Review: A Few Good Things About Arimah’s ‘What It Means When a Man Falls from the Sky’

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Book Title: What It Means When a Man Falls from the Sky

Author: Lesley Nneka Arimah

Publisher: Penguin Publishing Group, 2017

Pages: 132

Reviewer: Joseph Omotayo

This collection of short stories does not meet my expectation and I will say why. Some of the best short stories in this collection had already been published online, some were shortlisted for and won coveted prizes. What It Means When a Man Falls from the Sky and Who Will Greet You At Home were shortlisted for the 2016 and 2017 Caine Prize for African Writing. They were stories with great promise which we thought would win, but the Caine Prize for African Writing has never been that predictable. Light won the 2015 Commonwealth Short Story Prize for Africa. Glory went viral when it was published on Harper and in 2017 won O Henry Prize.  Now you know why my expectation was high for a collection of short stories that would come later from the same author.

However, on reading this collection, I was somewhat disappointed. I felt I had read everything this collection had to offer in those already published stories. The collection did not offer new thrills for a reader like me. Most of the new stories in the collection do not measure up to the hype. This is perhaps one of the problems of having most of the best stories in a collection published online before they are put together in a book. Perhaps this is why they say the traditional book is dying. Lesley Nneka Arimah will still be a fine writer with or without this collection.

In this collection of twelve short stories, Lesley Nneka shows the human tendency to revolt, to survive and change situations. Lesley Nneka Arimah’s characters do not allow things happen to them without challenging the situation. They are the assertive kind. Throughout the collection, the place of children in the society seems to be the motif. In appraising them, one also sees how the collection arrays the significance of parenting and how the society is affected whenever this function goes wrong. In Who Will Greet You At Home, Windfalls, Light, Wild, The Future Looks Good, War Stories, Glory and Buchi’s Girls, the family is seen as not only the first agent of socialisation, but as an important unit of a society.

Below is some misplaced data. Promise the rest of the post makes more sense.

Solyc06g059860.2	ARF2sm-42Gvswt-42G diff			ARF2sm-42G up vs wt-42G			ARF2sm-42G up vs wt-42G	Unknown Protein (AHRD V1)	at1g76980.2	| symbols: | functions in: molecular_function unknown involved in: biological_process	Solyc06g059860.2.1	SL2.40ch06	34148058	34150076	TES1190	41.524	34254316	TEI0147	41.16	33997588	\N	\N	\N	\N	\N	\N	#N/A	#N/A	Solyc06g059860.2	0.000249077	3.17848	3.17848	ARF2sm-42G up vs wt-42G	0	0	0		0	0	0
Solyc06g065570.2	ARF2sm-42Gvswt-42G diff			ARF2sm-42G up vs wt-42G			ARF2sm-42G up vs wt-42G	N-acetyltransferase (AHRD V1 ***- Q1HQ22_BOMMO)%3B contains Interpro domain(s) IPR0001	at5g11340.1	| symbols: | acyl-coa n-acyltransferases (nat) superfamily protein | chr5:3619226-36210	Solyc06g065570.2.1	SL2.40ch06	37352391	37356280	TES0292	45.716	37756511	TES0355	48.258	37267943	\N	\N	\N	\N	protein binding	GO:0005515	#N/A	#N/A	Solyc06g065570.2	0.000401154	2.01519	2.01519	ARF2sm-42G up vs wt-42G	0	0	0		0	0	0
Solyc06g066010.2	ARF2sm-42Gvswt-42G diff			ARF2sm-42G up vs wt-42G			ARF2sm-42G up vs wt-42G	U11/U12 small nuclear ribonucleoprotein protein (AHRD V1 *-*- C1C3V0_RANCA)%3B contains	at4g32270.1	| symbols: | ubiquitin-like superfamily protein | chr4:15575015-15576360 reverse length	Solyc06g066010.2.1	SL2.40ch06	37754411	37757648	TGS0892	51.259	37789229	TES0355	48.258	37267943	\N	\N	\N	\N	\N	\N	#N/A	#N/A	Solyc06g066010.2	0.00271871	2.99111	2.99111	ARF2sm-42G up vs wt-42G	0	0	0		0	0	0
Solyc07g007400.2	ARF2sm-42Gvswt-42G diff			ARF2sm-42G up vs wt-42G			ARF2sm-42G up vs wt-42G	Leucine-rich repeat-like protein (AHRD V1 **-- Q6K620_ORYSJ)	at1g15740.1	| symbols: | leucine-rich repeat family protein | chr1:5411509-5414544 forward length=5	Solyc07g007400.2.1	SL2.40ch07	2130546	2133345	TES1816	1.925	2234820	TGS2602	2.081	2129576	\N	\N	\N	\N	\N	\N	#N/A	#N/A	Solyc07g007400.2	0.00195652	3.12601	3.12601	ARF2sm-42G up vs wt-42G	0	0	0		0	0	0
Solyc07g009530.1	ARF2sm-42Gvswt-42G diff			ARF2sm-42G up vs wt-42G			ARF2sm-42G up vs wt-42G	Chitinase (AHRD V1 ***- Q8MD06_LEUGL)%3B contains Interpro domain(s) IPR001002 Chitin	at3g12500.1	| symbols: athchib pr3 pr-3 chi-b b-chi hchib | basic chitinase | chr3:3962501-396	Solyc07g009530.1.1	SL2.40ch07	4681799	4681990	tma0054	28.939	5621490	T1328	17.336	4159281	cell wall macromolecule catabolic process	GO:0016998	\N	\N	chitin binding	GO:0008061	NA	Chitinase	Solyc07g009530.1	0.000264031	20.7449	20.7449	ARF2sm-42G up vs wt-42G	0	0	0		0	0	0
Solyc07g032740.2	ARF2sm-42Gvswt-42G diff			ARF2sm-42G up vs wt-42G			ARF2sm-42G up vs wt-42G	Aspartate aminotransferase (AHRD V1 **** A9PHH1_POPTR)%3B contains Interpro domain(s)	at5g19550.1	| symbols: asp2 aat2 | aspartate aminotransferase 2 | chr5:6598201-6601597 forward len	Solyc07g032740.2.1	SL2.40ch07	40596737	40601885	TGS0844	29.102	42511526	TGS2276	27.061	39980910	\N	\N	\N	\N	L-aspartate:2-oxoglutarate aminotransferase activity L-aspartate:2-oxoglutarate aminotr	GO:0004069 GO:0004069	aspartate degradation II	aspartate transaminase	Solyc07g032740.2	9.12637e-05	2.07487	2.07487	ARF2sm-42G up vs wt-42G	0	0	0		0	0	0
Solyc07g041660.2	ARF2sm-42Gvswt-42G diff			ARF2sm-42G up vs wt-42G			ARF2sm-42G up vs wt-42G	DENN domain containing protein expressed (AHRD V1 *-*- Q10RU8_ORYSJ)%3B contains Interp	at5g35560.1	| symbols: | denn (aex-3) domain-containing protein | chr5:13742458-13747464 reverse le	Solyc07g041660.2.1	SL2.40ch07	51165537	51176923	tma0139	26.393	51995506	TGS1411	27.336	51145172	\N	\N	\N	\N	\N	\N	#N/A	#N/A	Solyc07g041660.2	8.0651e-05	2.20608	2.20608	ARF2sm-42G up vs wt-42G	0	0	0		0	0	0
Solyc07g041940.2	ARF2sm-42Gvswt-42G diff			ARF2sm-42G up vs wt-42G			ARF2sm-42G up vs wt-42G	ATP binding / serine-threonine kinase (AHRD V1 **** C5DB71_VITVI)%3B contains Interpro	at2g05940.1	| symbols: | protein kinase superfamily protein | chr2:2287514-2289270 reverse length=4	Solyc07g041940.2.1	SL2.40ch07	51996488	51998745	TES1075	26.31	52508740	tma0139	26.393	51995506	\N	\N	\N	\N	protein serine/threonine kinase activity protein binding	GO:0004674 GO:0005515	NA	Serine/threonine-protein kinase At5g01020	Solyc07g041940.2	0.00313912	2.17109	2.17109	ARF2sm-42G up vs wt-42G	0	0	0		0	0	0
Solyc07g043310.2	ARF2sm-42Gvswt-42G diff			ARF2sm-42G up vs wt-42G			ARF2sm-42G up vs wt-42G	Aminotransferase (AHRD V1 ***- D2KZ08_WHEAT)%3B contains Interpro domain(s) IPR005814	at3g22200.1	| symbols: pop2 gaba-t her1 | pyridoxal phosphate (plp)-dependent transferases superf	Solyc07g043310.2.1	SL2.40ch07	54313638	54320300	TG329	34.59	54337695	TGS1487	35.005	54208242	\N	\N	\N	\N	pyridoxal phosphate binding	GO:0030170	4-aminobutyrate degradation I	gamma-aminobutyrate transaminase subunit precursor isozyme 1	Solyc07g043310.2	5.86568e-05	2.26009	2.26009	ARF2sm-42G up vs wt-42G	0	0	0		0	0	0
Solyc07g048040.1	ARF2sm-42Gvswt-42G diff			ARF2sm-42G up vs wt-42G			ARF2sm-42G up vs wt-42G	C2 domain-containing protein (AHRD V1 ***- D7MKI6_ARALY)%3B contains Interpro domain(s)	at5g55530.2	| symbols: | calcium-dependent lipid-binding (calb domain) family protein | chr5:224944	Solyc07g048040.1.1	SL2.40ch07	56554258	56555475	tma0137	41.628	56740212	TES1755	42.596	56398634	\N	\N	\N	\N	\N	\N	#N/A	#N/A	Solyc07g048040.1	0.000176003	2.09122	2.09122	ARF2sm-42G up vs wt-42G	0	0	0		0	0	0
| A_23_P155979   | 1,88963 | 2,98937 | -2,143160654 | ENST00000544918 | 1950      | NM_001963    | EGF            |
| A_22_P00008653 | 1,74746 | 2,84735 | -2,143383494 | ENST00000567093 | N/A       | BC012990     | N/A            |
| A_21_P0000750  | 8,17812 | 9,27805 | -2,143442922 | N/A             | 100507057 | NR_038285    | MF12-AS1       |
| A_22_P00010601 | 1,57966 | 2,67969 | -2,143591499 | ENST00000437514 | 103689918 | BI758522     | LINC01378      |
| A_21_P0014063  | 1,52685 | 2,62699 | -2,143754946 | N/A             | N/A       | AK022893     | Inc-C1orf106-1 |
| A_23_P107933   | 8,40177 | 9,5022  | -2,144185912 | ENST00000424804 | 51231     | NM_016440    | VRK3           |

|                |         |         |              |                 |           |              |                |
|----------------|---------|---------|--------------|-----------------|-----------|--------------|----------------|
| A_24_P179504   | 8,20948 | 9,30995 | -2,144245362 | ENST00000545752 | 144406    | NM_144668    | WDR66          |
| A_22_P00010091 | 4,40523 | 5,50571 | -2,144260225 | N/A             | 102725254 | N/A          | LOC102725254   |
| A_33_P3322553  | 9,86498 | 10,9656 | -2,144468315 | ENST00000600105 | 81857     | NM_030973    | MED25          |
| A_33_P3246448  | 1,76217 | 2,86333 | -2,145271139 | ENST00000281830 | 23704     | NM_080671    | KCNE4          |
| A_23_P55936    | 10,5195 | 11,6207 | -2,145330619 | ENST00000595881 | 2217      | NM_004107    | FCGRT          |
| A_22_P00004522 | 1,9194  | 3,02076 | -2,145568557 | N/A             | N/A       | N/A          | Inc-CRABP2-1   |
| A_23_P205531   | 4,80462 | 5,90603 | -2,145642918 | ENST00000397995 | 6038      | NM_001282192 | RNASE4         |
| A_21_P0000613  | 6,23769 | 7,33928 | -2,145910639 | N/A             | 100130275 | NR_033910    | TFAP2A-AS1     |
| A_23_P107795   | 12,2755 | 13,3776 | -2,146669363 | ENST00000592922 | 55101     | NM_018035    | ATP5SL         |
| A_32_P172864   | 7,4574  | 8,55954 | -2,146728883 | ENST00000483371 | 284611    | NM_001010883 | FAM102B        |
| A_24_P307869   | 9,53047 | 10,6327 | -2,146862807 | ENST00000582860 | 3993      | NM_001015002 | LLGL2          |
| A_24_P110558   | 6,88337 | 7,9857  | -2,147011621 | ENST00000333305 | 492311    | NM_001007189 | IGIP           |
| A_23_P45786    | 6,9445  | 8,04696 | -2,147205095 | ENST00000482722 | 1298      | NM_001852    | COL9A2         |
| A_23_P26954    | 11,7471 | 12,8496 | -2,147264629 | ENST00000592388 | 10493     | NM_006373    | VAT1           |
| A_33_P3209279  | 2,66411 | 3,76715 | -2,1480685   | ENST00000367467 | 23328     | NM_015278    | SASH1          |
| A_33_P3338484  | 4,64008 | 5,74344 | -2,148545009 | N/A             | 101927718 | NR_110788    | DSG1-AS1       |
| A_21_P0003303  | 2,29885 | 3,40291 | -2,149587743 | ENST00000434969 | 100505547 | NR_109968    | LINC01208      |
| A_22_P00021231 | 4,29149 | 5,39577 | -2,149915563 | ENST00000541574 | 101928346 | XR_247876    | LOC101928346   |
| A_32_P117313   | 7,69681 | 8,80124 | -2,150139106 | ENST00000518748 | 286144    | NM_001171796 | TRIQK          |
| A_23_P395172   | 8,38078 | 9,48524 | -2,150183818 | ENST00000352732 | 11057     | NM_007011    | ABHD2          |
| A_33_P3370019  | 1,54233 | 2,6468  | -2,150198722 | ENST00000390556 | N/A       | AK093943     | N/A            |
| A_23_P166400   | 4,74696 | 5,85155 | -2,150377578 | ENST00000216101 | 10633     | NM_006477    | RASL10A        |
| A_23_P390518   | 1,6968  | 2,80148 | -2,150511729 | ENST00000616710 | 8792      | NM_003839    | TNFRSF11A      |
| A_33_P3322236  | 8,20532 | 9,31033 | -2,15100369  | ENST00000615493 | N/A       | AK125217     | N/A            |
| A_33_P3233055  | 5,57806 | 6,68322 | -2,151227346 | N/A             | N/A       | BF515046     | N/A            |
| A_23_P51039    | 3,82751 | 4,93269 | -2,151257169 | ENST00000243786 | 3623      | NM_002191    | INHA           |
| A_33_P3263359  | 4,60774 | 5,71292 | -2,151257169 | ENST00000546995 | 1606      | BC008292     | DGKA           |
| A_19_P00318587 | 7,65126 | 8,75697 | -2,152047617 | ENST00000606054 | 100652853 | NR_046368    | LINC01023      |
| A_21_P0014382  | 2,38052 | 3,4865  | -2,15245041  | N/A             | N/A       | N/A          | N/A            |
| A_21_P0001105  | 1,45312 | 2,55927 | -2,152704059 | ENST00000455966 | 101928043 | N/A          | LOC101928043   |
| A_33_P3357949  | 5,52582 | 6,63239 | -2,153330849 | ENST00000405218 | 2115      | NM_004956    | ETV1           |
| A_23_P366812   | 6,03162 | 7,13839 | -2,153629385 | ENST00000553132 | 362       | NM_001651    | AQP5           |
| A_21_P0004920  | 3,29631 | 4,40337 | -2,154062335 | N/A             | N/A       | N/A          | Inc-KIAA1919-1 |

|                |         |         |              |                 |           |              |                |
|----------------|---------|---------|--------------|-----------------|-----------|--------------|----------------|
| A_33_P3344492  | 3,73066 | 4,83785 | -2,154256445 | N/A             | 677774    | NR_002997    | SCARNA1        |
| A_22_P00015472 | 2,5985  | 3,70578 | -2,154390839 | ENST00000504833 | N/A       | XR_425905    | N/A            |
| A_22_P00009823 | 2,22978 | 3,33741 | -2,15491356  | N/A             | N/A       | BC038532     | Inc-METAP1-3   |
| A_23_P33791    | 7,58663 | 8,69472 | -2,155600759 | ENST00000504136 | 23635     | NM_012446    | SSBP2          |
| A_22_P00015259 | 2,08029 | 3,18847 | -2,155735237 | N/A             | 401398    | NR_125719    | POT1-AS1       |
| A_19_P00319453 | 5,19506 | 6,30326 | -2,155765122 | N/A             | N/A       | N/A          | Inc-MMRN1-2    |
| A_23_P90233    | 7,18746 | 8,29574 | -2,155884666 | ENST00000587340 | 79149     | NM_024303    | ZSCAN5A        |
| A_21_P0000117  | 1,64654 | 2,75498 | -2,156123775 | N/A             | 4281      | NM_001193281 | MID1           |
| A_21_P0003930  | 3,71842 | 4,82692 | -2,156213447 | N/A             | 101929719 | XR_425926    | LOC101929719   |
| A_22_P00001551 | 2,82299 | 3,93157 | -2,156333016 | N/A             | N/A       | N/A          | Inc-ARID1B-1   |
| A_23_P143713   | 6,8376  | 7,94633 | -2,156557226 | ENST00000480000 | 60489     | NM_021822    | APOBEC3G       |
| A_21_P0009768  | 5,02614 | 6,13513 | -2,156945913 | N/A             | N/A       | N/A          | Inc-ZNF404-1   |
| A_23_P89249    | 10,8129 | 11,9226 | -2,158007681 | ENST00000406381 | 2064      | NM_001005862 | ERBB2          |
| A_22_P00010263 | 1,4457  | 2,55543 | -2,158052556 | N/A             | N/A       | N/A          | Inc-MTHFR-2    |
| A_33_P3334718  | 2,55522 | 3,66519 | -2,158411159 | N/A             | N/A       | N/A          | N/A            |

In Who Will Greet You At Home, things quickly go awry for Ogechi following an altercation with her mother. With pride, she will slave under Mama, a woman who will exploit her to give things her mother should have given her without charge. In this story, children are made from different materials, other than semen and ova, and every mother blesses her daughter’s child to life. But when Ogechi side-lines her mother, she pays greatly for it; with her joy, money and peace.

In Light, a mother’s distance from her child affects her home, changes and scars her child. Enebeli, the husband, will do everything to fill the vacuum. But there is little a father can do in the absence of a mother. As the child’s mother later tries to rescue the situation, she destroys more than she saves her daughter.

Windfalls tells the story of a mother who runs her daughter’s life aground for pecuniary gains. This is one of the few new stories that excite me in this collection. Playing shenanigans on corporate lawsuits, a mother and her child are in the business of staging premeditated accidents for compensation money.

In The Future Looks Good, we see how misfortune is a very fated flaw. You do not have to have done anything to merit it. In an undeserved way, Ezinma would take the fall for her sister, Bibi. Bibi, who flouts her parents to marry Godwin will come out of her actions unscathed as Ezinma pays the price.

What It Means When a Man Falls from the Sky can be said to deal unmistakably with the family system.

There are a number of expressions to ponder in this collection. Lesley Nneka Arimah writes with a didactic feel. I took a lot of notes while reading this book. There are sentences that hook you and you never want to stop reading them. On distance in relationships, the book struck depth with this:

“…This starts another argument between husband and wife, mild at first, but then it peppers and there is this thing that distance does where it subtracts warmth and context and history and each finds that they’re arguing with a stranger.”

Here, Lesley Nneka Arimah profoundly comments on racism and you may almost miss it. I like the way she tucks in racism without burdening the reader:

“My cousin is a bitch, I typed, then sent to Leila. A few minutes later she responded.

Yeah, I heard your mom sent you back to Africa. Text me some topless women!”

What It Means When a Man Falls from the Sky is a collection whose strength is not in the many stories in the collection but in a few we already know.


Joseph Omotayo

Joseph Omotayo is a book critic, event planner and webmaster.

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